Plan in advance. It is always important to start with a plan. It’s likely the plan will change, so flexibility is key, but if you start with a plan in place it will be much easier to adjust as you go. Starting with a plan does not mean that you are stuck with the plan, but rather that you have some idea of when you will start, what route you will take, where you hope to take your breaks and when you want to eat.

Pack light. Wherever you are going, there will likely be a store you can stop at if you don’t have what you need. No one in the family needs seven different outfits for three days at your mother’s. Decide what is needed, bring one extra outfit and be done with it. If you have an infant, it can be tempting to bring every piece of baby equipment you have at home. DON’T. You will be with family. Everyone will want to hold the baby anyway, and you probably won’t even use the equipment you bring.

Avoid a lot of liquids. There is something about traveling that makes some children thirsty. Try to limit how much your child drinks on the trip because liquids will go right though her. Though you are going to expect frequent stops, inevitably your child will not have to go when given the chance, then need to go 15 minutes after you leave the gas station. For children who have recently been potty trained, you might want to consider using a pull-up for the trip. Doing so can save you from accidents when it is just not possible to stop right away.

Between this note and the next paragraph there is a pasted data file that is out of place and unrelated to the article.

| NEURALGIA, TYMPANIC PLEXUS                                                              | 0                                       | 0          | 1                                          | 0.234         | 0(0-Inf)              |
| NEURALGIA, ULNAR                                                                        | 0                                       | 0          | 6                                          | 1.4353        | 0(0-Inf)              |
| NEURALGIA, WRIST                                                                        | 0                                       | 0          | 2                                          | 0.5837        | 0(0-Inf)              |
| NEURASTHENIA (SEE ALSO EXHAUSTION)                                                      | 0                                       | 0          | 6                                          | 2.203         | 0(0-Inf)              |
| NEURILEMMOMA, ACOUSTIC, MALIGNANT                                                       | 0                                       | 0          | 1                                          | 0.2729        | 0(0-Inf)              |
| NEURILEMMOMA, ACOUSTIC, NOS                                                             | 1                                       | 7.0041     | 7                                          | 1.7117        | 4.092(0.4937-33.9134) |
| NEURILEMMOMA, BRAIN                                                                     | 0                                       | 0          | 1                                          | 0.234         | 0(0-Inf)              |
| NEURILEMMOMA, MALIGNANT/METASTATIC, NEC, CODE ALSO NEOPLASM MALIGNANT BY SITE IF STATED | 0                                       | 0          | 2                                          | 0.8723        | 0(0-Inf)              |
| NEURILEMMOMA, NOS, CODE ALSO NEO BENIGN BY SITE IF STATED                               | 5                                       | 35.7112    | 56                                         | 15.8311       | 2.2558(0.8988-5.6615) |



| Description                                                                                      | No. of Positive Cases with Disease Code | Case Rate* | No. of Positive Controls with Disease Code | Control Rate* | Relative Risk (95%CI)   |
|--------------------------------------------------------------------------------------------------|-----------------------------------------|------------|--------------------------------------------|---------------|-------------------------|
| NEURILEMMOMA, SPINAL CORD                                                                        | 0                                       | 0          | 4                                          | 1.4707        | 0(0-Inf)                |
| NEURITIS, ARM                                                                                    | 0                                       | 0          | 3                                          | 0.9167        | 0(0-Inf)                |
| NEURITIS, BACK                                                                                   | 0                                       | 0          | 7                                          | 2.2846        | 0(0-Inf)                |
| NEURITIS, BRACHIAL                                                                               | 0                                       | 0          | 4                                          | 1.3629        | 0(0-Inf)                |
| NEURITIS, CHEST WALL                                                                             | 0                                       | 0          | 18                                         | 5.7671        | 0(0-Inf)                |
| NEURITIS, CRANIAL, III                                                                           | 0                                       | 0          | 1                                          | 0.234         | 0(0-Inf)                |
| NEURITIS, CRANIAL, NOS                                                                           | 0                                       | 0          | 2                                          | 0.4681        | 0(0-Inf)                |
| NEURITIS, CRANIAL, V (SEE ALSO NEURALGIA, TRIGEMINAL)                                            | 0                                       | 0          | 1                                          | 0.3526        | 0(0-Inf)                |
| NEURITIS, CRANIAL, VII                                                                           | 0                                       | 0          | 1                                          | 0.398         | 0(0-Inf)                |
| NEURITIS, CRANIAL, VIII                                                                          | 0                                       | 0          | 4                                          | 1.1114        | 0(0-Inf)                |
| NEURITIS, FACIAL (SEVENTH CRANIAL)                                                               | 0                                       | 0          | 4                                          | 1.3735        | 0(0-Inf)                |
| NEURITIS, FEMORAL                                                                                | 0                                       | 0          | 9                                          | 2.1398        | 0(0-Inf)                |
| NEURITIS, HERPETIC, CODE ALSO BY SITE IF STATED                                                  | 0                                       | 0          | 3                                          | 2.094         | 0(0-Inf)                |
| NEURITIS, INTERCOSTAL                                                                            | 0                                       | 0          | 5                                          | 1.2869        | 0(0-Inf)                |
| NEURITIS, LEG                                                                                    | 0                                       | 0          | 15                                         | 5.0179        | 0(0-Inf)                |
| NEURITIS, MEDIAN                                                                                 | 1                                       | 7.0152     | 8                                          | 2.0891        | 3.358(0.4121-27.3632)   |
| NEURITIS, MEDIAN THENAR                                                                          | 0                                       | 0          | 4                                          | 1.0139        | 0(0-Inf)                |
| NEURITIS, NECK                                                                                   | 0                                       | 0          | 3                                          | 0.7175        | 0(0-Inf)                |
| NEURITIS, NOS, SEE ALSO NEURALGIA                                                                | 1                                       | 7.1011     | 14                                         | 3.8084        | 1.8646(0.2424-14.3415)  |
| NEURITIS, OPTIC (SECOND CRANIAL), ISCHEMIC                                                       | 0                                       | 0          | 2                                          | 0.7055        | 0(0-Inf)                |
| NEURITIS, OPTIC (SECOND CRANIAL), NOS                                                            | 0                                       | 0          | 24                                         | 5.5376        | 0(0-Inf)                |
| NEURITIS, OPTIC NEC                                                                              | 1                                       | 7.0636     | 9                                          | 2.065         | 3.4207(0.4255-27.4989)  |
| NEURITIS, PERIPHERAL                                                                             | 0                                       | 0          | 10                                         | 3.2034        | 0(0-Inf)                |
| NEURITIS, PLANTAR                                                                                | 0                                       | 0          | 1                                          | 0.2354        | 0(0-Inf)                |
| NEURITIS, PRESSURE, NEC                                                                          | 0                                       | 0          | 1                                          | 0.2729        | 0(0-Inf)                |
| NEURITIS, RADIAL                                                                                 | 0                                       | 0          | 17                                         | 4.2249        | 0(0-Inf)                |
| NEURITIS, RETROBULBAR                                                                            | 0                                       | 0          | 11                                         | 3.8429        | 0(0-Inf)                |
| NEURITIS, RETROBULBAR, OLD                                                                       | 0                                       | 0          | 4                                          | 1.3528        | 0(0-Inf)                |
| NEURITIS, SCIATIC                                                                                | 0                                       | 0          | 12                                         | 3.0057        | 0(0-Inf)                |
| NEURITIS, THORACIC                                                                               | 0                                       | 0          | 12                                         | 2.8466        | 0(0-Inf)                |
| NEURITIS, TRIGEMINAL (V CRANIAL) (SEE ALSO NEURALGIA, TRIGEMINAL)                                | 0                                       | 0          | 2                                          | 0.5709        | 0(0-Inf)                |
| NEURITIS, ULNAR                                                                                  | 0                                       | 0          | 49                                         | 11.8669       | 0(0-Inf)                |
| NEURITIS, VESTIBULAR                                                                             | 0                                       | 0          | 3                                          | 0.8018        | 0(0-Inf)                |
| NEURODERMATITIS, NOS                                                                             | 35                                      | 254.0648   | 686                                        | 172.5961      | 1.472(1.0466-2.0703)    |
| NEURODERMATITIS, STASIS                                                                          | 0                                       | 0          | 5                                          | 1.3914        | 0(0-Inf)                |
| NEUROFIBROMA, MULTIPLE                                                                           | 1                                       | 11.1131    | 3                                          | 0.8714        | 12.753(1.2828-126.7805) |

Have healthy snacks available. When children eat junk food on trips, especially if they are not used to eating it, their bodies tend to overreact to it. It is best to stick with snacks that are healthy and that your child is used to eating. Use sturdy containers that close well and a thermal bag for packing favorites. Bring napkins and wipes to clean up messes.

groupkidsBring activities. There is only so much time a child can relax and stare out a window. DVD’s can be helpful when children get bored, and parents should not feel guilty about having children watch a little TV during the holidays. Perhaps use holiday DVD’s and make viewing them a special treat. You should also bring crafts, games and books that are travel friendly. However, be aware that some children get carsick if they use these. Try books on tape or have the adult passenger read aloud, if possible.

Make up games. Verbal games not only help your child pass the time, they also help engage her brain. If your child is learning the alphabet, search road signs for letters. Grab an empty tissue box, put an object in it and have the kids guess what it is without looking. Let them feel, shake and smell it to see if they can guess what it is. Play a few rounds of I Spy. Get creative and you’ll find that the kids will even make up games to play.

Sing songs. If your kids are young, they will love singing together. If they are older pick songs they love and hope for the best. If they are teen’s, they may roll their eyes and put in their ear buds, but they’ll still remember your time together.

When things go wrong – and they will – take a deep breath and realize that despite the travel issues, whether big or small, your child will have fond memories of the trip if you respond with patience and a smile.

– Submitted by Anne Laurie of gonannies.com